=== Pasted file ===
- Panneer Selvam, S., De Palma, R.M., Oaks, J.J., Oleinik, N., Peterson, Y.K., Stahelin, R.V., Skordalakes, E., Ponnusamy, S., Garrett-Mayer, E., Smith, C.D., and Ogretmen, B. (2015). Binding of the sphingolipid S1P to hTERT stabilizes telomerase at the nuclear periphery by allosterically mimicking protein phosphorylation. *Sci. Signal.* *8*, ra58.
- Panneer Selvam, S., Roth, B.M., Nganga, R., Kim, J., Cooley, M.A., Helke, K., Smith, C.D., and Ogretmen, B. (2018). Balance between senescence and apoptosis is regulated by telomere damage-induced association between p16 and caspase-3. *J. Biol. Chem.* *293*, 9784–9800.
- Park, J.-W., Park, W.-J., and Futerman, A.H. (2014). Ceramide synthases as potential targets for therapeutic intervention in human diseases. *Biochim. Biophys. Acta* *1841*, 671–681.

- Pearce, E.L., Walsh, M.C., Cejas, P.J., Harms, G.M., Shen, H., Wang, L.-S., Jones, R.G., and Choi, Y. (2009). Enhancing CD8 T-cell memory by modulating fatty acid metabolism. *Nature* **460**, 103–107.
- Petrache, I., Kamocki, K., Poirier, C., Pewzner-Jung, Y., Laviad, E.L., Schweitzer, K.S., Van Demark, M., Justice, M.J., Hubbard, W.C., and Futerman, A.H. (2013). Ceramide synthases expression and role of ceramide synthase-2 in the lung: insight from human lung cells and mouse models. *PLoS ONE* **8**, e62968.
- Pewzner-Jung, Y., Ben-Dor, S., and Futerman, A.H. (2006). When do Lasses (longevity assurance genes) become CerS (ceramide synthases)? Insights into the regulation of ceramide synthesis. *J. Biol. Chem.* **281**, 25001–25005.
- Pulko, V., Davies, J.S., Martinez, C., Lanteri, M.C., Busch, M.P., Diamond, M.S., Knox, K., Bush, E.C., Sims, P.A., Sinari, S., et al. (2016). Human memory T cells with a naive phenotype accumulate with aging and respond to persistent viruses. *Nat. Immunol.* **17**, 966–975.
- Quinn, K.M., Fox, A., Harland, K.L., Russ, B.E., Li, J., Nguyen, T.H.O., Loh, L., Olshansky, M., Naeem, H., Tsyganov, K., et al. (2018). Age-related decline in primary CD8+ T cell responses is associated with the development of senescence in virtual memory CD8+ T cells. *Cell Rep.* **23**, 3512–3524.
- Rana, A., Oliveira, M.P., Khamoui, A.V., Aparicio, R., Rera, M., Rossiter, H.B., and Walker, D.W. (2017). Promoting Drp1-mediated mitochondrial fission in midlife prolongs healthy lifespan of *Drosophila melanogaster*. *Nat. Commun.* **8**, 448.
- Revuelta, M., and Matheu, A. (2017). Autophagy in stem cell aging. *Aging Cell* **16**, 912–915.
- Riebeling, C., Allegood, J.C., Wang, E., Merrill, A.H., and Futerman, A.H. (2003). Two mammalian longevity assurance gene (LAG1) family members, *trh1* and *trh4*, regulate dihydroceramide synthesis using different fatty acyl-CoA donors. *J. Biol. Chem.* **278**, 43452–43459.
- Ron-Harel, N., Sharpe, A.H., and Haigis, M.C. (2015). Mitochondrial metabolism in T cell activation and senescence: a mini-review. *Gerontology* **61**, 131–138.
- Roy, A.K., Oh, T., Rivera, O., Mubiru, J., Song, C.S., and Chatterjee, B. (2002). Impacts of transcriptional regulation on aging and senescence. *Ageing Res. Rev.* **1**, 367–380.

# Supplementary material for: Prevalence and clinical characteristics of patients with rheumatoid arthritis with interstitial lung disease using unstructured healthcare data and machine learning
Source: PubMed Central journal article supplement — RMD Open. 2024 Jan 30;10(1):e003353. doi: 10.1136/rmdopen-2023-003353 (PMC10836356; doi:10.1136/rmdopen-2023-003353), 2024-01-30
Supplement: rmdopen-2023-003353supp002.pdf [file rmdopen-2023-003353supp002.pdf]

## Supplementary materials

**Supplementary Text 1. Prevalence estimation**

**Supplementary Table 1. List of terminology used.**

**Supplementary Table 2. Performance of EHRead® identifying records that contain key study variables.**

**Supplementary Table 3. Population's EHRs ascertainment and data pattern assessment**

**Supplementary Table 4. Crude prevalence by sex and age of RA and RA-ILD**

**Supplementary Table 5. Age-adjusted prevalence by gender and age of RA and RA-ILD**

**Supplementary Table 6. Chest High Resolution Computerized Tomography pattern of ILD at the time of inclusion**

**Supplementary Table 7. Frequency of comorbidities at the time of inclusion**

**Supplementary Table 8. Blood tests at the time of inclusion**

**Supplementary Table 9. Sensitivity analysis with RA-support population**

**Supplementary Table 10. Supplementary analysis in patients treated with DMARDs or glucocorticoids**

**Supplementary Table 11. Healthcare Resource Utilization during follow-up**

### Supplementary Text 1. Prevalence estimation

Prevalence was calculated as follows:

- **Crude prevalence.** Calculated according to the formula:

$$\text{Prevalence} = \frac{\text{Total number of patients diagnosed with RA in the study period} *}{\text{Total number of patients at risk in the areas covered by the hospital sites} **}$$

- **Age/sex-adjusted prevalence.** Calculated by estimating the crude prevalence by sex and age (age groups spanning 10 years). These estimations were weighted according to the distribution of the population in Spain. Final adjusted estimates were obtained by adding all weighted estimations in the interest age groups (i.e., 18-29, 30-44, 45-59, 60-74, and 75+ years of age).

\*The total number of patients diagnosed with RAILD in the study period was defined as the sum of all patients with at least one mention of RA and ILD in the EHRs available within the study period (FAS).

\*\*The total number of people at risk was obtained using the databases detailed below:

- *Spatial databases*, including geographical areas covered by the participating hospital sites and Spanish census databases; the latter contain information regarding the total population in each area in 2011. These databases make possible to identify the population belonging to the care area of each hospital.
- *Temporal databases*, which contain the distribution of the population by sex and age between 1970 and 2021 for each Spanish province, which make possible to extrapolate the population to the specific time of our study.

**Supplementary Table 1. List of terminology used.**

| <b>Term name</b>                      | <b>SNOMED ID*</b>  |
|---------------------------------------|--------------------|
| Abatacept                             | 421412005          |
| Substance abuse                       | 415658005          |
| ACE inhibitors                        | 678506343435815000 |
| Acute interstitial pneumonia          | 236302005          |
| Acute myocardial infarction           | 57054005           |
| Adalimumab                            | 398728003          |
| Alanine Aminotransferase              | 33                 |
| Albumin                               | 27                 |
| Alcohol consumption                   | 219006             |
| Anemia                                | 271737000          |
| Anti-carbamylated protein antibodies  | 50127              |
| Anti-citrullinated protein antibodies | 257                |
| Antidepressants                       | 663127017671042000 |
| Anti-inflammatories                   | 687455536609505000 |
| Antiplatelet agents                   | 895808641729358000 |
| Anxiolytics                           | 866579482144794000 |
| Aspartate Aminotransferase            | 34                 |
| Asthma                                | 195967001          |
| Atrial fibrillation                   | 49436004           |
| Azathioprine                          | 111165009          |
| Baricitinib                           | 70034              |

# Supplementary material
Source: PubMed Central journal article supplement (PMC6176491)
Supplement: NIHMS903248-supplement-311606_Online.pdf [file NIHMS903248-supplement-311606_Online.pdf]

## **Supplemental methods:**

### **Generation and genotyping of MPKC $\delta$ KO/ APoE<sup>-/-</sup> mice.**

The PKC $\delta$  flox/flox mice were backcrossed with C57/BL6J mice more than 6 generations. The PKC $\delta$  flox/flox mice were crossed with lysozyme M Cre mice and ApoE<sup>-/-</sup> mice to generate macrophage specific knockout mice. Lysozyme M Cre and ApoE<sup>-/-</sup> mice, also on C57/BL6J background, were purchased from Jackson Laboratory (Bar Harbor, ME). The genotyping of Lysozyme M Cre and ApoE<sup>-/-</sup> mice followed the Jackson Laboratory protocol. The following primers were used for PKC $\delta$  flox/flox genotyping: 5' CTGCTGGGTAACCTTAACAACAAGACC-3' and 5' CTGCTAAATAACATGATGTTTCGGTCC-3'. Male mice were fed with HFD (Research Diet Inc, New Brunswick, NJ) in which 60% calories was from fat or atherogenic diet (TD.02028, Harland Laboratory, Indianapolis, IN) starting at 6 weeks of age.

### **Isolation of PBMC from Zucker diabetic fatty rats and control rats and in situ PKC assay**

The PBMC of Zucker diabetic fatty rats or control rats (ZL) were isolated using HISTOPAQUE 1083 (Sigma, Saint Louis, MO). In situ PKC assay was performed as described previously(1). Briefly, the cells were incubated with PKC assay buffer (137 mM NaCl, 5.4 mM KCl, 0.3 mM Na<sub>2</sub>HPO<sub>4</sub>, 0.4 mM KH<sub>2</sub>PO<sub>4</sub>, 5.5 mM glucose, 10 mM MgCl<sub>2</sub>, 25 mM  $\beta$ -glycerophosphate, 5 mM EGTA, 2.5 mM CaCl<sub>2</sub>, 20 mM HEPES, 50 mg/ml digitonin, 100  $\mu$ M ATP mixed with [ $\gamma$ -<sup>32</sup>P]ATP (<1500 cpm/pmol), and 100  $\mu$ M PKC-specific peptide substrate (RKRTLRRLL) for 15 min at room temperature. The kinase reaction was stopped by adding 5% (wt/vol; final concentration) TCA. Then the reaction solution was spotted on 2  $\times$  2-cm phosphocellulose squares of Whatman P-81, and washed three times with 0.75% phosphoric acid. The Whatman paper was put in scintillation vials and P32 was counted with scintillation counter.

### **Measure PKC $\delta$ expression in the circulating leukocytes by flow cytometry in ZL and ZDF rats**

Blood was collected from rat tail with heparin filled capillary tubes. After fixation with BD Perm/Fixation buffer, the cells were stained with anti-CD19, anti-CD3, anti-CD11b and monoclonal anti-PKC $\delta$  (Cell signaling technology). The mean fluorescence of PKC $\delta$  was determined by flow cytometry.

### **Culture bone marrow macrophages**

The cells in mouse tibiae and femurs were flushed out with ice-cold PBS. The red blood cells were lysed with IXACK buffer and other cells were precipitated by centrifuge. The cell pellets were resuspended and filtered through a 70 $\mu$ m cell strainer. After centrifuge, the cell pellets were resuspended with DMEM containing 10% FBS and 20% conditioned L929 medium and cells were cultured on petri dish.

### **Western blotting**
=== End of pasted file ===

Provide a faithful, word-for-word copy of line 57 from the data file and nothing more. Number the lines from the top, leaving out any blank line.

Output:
| Anxiolytics                           | 866579482144794000 |